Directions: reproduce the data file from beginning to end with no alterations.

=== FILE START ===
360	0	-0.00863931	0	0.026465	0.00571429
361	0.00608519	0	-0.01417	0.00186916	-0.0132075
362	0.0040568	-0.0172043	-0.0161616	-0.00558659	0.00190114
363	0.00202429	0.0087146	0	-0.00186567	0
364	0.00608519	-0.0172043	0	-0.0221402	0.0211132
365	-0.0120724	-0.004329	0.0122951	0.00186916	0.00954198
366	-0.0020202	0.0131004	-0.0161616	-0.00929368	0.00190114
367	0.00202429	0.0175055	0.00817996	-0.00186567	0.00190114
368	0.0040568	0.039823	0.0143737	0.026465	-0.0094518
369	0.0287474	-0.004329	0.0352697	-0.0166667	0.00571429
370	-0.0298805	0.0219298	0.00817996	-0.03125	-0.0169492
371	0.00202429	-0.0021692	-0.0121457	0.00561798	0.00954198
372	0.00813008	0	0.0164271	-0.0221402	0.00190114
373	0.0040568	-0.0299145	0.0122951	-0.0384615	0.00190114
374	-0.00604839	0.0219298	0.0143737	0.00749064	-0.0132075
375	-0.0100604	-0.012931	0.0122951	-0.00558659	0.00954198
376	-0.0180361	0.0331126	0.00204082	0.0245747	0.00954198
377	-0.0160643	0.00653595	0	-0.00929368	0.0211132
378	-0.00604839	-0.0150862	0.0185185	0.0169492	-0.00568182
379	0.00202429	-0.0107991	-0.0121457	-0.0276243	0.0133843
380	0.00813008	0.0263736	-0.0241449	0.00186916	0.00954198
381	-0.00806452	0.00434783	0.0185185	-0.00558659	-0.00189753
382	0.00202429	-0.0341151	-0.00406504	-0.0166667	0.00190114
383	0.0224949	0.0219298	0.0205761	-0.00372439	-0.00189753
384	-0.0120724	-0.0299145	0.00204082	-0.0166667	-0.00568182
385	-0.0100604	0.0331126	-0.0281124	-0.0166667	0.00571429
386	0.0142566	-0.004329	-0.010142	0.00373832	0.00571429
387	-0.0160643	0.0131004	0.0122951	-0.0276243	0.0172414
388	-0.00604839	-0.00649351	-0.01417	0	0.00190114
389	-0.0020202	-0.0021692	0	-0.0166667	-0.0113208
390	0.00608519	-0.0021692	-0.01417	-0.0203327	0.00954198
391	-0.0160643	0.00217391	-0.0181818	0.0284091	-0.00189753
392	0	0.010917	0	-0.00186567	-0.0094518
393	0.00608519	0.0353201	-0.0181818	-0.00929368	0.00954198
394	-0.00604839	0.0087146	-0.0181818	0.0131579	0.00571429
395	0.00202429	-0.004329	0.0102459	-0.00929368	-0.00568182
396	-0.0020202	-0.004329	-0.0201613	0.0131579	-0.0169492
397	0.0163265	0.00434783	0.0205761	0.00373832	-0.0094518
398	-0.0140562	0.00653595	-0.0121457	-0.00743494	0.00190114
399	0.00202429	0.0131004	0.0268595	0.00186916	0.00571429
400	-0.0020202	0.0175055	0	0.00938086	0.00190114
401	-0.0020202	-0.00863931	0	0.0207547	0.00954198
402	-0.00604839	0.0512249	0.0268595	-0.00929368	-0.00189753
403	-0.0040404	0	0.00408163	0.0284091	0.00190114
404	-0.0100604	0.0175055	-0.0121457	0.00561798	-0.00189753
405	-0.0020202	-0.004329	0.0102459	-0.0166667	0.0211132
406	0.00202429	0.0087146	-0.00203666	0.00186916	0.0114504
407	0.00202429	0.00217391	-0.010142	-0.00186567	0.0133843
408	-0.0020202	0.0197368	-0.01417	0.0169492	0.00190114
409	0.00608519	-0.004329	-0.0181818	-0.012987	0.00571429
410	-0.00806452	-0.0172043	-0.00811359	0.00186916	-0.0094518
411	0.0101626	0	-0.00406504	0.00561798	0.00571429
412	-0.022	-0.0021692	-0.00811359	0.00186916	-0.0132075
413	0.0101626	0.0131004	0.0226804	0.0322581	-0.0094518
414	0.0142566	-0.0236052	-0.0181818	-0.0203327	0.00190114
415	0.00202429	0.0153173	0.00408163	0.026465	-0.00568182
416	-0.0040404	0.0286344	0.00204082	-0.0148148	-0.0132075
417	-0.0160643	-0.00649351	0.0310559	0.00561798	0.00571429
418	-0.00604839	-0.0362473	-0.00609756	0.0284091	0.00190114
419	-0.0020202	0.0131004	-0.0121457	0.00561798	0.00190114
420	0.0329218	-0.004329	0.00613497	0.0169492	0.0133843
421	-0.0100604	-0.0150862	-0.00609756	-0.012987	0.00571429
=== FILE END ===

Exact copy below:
360	0	-0.00863931	0	0.026465	0.00571429
361	0.00608519	0	-0.01417	0.00186916	-0.0132075
362	0.0040568	-0.0172043	-0.0161616	-0.00558659	0.00190114
363	0.00202429	0.0087146	0	-0.00186567	0
364	0.00608519	-0.0172043	0	-0.0221402	0.0211132
365	-0.0120724	-0.004329	0.0122951	0.00186916	0.00954198
366	-0.0020202	0.0131004	-0.0161616	-0.00929368	0.00190114
367	0.00202429	0.0175055	0.00817996	-0.00186567	0.00190114
368	0.0040568	0.039823	0.0143737	0.026465	-0.0094518
369	0.0287474	-0.004329	0.0352697	-0.0166667	0.00571429
370	-0.0298805	0.0219298	0.00817996	-0.03125	-0.0169492
371	0.00202429	-0.0021692	-0.0121457	0.00561798	0.00954198
372	0.00813008	0	0.0164271	-0.0221402	0.00190114
373	0.0040568	-0.0299145	0.0122951	-0.0384615	0.00190114
374	-0.00604839	0.0219298	0.0143737	0.00749064	-0.0132075
375	-0.0100604	-0.012931	0.0122951	-0.00558659	0.00954198
376	-0.0180361	0.0331126	0.00204082	0.0245747	0.00954198
377	-0.0160643	0.00653595	0	-0.00929368	0.0211132
378	-0.00604839	-0.0150862	0.0185185	0.0169492	-0.00568182
379	0.00202429	-0.0107991	-0.0121457	-0.0276243	0.0133843
380	0.00813008	0.0263736	-0.0241449	0.00186916	0.00954198
381	-0.00806452	0.00434783	0.0185185	-0.00558659	-0.00189753
382	0.00202429	-0.0341151	-0.00406504	-0.0166667	0.00190114
383	0.0224949	0.0219298	0.0205761	-0.00372439	-0.00189753
384	-0.0120724	-0.0299145	0.00204082	-0.0166667	-0.00568182
385	-0.0100604	0.0331126	-0.0281124	-0.0166667	0.00571429
386	0.0142566	-0.004329	-0.010142	0.00373832	0.00571429
387	-0.0160643	0.0131004	0.0122951	-0.0276243	0.0172414
388	-0.00604839	-0.00649351	-0.01417	0	0.00190114
389	-0.0020202	-0.0021692	0	-0.0166667	-0.0113208
390	0.00608519	-0.0021692	-0.01417	-0.0203327	0.00954198
391	-0.0160643	0.00217391	-0.0181818	0.0284091	-0.00189753
392	0	0.010917	0	-0.00186567	-0.0094518
393	0.00608519	0.0353201	-0.0181818	-0.00929368	0.00954198
394	-0.00604839	0.0087146	-0.0181818	0.0131579	0.00571429
395	0.00202429	-0.004329	0.0102459	-0.00929368	-0.00568182
396	-0.0020202	-0.004329	-0.0201613	0.0131579	-0.0169492
397	0.0163265	0.00434783	0.0205761	0.00373832	-0.0094518
398	-0.0140562	0.00653595	-0.0121457	-0.00743494	0.00190114
399	0.00202429	0.0131004	0.0268595	0.00186916	0.00571429
400	-0.0020202	0.0175055	0	0.00938086	0.00190114
401	-0.0020202	-0.00863931	0	0.0207547	0.00954198
402	-0.00604839	0.0512249	0.0268595	-0.00929368	-0.00189753
403	-0.0040404	0	0.00408163	0.0284091	0.00190114
404	-0.0100604	0.0175055	-0.0121457	0.00561798	-0.00189753
405	-0.0020202	-0.004329	0.0102459	-0.0166667	0.0211132
406	0.00202429	0.0087146	-0.00203666	0.00186916	0.0114504
407	0.00202429	0.00217391	-0.010142	-0.00186567	0.0133843
408	-0.0020202	0.0197368	-0.01417	0.0169492	0.00190114
409	0.00608519	-0.004329	-0.0181818	-0.012987	0.00571429
410	-0.00806452	-0.0172043	-0.00811359	0.00186916	-0.0094518
411	0.0101626	0	-0.00406504	0.00561798	0.00571429
412	-0.022	-0.0021692	-0.00811359	0.00186916	-0.0132075
413	0.0101626	0.0131004	0.0226804	0.0322581	-0.0094518
414	0.0142566	-0.0236052	-0.0181818	-0.0203327	0.00190114
415	0.00202429	0.0153173	0.00408163	0.026465	-0.00568182
416	-0.0040404	0.0286344	0.00204082	-0.0148148	-0.0132075
417	-0.0160643	-0.00649351	0.0310559	0.00561798	0.00571429
418	-0.00604839	-0.0362473	-0.00609756	0.0284091	0.00190114
419	-0.0020202	0.0131004	-0.0121457	0.00561798	0.00190114
420	0.0329218	-0.004329	0.00613497	0.0169492	0.0133843
421	-0.0100604	-0.0150862	-0.00609756	-0.012987	0.00571429